41. How to measure starspot area and temperature? - Near-IR Interferometry

    (high fidelity, low scalability) Rottenbacher et al. 2016 - Zeeman Doppler Imaging (medium-high fidelity, low scalability) Donati et al. 2014 - Monochromatic lightcurve amplitudes (low fidelity, high scalability) Rebull et al. 2016ab, Douglas et al. 2017, #K2Clusters - Planet-transit spot modeling (medium fidelity, low scalability) Morris et al. 2017 - SED modeling (medium-low fidelity, medium scalability) Wolk and Walter 1996 - Lightcurve forward modeling (low fidelity, medium-low scalability) Notsu et al. 2013 - Polychromatic timeseries photometry (medium fidelity, high scalability) Grankin 1995, Grankin et al. 2007 - 2-component spectral modeling (medium fidelity, medium scalability) Neff, O'Neal, Saar 1995; Fang et al. 2016; Gully-Santiago et al. 2017 - 2-component time-resolved spectral modeling (high fidelity, low scalability) Gully-Santiago in progress w/ IGRINS, iSHELL - N-component spectral modeling, with N >2 (medium fidelity, low scalability) Not attempted AFAIK - Combinations of the above ( High fidelity, medium2 scalability) Gully-Santiago et al. 2017, this talk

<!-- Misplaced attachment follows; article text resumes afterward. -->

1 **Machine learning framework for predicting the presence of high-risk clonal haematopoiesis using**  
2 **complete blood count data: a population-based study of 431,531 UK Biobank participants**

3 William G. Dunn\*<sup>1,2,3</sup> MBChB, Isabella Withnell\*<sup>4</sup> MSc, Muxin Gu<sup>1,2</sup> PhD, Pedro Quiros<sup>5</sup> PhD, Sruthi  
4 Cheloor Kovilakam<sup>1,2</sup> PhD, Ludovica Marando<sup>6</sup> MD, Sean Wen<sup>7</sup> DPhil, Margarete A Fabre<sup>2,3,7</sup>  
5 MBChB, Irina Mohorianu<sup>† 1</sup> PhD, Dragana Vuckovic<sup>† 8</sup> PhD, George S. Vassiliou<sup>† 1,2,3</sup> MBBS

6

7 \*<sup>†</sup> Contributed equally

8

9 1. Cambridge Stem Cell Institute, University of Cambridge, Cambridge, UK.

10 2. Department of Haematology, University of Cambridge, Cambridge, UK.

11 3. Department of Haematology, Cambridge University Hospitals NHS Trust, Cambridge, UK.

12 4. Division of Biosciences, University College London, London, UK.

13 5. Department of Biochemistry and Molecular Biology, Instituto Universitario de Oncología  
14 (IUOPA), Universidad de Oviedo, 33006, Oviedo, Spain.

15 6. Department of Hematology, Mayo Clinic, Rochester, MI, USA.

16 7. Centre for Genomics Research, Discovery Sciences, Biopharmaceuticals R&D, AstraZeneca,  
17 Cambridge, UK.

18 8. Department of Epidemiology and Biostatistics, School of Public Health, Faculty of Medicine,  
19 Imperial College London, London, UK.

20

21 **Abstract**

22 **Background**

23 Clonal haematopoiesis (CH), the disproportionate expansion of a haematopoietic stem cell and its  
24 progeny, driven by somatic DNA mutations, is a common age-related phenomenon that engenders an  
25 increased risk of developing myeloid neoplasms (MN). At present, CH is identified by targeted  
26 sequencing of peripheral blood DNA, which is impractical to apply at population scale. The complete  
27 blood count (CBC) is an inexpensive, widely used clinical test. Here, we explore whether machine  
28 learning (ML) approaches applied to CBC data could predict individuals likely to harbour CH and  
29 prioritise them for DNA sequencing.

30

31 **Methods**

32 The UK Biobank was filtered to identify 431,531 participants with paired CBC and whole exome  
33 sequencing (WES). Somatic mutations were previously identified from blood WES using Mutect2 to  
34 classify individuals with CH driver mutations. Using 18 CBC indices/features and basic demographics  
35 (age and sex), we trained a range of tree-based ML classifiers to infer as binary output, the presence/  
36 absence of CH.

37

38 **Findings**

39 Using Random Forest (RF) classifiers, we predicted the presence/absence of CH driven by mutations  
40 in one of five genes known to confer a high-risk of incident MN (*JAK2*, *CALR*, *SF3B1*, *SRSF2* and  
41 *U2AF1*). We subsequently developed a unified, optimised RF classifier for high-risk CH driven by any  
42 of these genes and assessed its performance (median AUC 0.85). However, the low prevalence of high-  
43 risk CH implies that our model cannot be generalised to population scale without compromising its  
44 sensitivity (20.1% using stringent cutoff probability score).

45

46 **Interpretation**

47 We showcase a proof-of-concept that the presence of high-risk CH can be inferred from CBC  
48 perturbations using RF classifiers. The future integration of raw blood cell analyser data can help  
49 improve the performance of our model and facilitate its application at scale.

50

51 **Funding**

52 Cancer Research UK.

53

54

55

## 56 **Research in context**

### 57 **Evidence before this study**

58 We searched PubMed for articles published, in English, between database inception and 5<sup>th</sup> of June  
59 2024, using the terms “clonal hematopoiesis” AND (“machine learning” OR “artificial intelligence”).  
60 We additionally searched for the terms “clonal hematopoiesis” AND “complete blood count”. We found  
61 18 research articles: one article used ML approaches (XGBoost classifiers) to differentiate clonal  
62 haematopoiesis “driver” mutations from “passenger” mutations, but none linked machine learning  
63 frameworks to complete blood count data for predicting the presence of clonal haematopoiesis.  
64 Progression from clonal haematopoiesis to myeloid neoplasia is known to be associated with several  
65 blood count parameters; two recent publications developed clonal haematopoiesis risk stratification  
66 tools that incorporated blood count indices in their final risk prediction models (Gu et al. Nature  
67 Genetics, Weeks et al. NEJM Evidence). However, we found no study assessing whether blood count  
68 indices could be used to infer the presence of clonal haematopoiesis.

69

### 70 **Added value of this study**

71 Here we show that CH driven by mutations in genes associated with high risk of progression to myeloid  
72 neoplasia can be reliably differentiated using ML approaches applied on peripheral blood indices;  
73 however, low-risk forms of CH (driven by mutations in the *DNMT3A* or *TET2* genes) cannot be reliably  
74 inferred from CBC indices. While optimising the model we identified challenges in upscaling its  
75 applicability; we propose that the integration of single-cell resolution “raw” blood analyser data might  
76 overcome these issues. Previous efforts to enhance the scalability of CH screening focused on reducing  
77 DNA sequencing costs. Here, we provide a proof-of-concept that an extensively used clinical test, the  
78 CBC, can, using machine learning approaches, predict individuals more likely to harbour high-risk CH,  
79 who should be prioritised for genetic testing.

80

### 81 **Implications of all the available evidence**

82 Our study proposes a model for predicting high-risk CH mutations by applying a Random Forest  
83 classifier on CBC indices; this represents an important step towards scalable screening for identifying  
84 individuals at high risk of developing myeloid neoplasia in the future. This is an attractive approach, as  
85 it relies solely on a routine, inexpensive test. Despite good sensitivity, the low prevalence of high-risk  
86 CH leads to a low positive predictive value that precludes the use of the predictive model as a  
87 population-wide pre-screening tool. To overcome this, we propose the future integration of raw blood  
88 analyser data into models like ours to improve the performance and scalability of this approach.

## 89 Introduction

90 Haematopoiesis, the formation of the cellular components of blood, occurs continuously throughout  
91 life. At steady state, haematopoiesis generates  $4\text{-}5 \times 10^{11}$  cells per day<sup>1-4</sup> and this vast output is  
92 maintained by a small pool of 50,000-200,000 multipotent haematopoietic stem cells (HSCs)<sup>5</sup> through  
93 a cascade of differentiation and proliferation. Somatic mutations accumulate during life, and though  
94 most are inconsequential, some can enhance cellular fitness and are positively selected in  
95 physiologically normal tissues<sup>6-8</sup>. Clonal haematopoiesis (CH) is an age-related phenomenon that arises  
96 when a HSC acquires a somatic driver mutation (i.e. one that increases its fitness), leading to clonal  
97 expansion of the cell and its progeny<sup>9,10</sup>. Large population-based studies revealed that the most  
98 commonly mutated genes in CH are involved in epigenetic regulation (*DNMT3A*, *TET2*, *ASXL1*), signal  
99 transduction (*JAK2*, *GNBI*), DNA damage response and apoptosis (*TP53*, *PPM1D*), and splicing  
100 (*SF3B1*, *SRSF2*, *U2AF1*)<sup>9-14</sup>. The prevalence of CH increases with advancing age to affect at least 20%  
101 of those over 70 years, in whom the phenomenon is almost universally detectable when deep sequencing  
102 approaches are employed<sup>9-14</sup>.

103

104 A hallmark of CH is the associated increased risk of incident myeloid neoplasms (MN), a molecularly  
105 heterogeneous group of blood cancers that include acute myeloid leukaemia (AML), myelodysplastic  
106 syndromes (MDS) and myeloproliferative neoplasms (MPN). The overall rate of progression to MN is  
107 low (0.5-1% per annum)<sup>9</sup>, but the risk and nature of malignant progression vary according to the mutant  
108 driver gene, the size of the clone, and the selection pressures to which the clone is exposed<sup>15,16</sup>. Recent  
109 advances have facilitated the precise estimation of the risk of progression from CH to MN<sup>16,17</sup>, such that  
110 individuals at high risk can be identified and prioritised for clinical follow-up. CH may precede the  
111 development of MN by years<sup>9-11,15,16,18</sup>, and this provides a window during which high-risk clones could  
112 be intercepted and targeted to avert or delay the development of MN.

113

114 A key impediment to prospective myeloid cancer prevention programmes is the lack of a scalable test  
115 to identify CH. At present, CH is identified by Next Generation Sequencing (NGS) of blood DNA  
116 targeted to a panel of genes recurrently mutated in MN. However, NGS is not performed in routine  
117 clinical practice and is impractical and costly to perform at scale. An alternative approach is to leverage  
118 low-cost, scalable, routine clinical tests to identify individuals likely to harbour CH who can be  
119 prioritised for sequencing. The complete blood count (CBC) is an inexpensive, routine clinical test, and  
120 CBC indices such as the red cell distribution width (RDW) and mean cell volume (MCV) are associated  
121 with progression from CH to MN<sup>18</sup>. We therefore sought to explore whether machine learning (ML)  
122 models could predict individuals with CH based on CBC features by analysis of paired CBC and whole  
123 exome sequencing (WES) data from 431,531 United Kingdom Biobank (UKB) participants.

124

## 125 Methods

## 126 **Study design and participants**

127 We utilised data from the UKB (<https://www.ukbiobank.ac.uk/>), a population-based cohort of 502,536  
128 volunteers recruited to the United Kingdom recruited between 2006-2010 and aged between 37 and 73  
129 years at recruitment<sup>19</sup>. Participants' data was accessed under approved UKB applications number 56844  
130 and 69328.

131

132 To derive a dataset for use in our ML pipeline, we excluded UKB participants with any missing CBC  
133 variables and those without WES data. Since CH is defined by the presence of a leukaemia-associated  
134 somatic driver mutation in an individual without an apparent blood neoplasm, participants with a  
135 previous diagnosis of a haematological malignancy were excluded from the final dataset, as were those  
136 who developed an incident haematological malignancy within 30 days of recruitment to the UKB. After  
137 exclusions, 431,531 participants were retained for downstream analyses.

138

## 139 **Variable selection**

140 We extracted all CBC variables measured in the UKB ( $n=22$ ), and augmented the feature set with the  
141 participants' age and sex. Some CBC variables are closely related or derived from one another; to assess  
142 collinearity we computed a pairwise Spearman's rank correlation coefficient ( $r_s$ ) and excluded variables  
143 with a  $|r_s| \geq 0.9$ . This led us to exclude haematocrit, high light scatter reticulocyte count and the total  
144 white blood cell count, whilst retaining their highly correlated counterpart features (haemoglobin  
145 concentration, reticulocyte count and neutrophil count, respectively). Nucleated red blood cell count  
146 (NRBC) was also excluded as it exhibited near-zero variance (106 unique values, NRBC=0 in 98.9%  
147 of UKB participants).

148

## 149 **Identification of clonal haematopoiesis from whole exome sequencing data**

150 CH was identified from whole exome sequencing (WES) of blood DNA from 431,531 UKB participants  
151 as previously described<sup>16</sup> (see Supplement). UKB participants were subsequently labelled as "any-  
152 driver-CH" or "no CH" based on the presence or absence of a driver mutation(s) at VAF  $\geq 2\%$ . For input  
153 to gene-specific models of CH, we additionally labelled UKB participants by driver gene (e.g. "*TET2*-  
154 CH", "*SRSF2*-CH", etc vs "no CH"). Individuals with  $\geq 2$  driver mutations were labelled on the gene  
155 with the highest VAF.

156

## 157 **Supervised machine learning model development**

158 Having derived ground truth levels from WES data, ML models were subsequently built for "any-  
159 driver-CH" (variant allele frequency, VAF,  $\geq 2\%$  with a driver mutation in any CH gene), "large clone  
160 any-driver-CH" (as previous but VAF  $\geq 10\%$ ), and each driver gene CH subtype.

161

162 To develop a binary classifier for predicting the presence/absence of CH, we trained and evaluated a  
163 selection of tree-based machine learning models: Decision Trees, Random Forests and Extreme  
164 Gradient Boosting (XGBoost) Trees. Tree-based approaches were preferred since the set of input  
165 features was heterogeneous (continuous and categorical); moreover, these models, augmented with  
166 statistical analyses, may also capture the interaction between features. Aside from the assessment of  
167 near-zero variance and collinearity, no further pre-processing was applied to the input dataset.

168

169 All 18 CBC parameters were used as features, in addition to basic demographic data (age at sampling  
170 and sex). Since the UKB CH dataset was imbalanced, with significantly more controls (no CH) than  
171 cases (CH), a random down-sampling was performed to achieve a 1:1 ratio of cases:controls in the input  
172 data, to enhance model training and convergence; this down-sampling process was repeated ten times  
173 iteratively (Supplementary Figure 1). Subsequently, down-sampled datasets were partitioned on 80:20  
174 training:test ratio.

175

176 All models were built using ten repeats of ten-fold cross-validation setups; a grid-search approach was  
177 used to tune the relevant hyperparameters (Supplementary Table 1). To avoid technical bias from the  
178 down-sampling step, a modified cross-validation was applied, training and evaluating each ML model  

42. How to measure starspot area and temperature? Gully-Santiago et al.

    2017
  43. Design a point-and-stare mission with multi-epoch in- and out- of

    transit spectroscopy; model spots through rotation period.
  44. Adapt Doppler tomography methods? In principle disparate velocity components can

    isolate the origin of the signal. Difficult in practice for slow rotators.
  45. Some level of stellar contamination should be expected for most,